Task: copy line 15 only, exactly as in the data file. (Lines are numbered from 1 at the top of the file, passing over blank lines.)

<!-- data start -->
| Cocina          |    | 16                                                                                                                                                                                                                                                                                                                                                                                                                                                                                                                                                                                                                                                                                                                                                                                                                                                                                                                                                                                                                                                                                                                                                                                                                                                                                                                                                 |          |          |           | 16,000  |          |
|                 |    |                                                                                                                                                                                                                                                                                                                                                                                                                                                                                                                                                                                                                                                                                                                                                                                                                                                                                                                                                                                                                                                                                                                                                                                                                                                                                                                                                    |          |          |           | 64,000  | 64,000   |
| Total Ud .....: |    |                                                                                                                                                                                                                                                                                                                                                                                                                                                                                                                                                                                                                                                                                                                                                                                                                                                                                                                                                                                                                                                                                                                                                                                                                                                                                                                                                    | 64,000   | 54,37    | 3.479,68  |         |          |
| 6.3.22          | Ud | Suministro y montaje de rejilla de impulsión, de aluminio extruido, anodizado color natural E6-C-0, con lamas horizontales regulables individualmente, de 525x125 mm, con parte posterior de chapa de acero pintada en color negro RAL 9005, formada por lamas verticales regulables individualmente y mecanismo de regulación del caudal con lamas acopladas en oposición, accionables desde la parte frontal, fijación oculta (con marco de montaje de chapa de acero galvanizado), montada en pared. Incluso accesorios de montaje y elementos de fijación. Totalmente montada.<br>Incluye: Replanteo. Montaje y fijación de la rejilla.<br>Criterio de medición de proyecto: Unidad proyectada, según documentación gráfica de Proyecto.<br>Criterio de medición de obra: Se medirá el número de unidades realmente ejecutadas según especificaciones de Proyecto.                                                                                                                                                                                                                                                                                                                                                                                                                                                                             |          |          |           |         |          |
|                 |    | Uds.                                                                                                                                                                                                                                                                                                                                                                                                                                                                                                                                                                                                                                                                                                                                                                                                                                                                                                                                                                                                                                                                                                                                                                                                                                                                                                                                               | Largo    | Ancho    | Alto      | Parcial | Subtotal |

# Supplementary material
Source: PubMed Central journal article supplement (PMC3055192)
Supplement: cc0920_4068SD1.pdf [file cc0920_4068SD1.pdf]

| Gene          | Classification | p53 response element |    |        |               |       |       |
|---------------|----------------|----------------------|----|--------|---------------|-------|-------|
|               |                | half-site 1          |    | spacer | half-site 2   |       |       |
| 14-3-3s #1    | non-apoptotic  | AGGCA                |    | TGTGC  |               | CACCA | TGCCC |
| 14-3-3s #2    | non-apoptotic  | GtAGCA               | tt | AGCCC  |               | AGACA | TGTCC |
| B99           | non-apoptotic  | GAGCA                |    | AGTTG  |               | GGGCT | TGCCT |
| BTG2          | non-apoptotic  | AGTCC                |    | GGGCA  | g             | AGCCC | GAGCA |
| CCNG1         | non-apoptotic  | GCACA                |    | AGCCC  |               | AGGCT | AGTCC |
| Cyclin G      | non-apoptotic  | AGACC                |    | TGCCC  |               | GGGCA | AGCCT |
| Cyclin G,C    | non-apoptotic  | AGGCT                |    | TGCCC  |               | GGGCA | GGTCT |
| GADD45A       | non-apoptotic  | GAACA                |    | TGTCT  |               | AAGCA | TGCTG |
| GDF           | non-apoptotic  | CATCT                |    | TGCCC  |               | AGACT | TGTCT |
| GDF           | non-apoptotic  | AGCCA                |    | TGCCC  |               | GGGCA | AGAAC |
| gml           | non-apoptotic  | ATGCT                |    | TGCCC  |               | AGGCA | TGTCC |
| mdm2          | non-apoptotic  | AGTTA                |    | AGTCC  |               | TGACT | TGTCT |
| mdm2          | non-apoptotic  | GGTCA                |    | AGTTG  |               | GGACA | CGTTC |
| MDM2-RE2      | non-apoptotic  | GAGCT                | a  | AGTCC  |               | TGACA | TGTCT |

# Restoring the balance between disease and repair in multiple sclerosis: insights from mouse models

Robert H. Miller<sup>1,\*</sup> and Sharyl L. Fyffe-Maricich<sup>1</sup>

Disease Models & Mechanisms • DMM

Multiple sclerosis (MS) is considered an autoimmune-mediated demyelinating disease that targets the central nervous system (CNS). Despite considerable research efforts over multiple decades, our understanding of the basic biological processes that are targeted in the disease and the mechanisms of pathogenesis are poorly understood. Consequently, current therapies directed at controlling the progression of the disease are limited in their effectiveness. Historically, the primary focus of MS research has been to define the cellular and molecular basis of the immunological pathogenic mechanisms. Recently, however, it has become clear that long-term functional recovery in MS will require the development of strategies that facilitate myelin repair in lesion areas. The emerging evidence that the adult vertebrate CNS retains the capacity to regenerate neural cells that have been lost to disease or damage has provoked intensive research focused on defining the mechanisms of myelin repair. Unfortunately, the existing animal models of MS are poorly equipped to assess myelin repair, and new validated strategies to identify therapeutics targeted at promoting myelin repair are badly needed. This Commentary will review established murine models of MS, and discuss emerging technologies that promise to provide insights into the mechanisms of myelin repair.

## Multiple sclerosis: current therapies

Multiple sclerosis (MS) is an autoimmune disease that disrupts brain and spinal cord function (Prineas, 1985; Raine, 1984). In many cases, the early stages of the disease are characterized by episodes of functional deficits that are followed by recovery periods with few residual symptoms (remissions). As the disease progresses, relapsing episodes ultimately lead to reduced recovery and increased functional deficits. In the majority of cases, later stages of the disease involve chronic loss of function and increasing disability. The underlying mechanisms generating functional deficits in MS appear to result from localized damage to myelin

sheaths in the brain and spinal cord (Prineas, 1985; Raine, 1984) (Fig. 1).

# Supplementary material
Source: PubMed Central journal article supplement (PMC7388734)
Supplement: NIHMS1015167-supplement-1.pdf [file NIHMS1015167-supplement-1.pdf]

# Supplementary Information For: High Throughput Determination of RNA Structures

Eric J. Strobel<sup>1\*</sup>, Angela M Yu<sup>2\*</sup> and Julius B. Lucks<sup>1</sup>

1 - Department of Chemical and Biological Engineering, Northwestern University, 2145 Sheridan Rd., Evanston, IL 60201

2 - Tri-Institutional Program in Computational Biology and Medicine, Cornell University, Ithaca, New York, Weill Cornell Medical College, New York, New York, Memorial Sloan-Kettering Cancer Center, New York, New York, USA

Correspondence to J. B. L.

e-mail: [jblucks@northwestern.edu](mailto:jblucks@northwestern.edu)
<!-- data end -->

| BTG2          | non-apoptotic  | AGTCC                |    | GGGCA  | g             | AGCCC | GAGCA |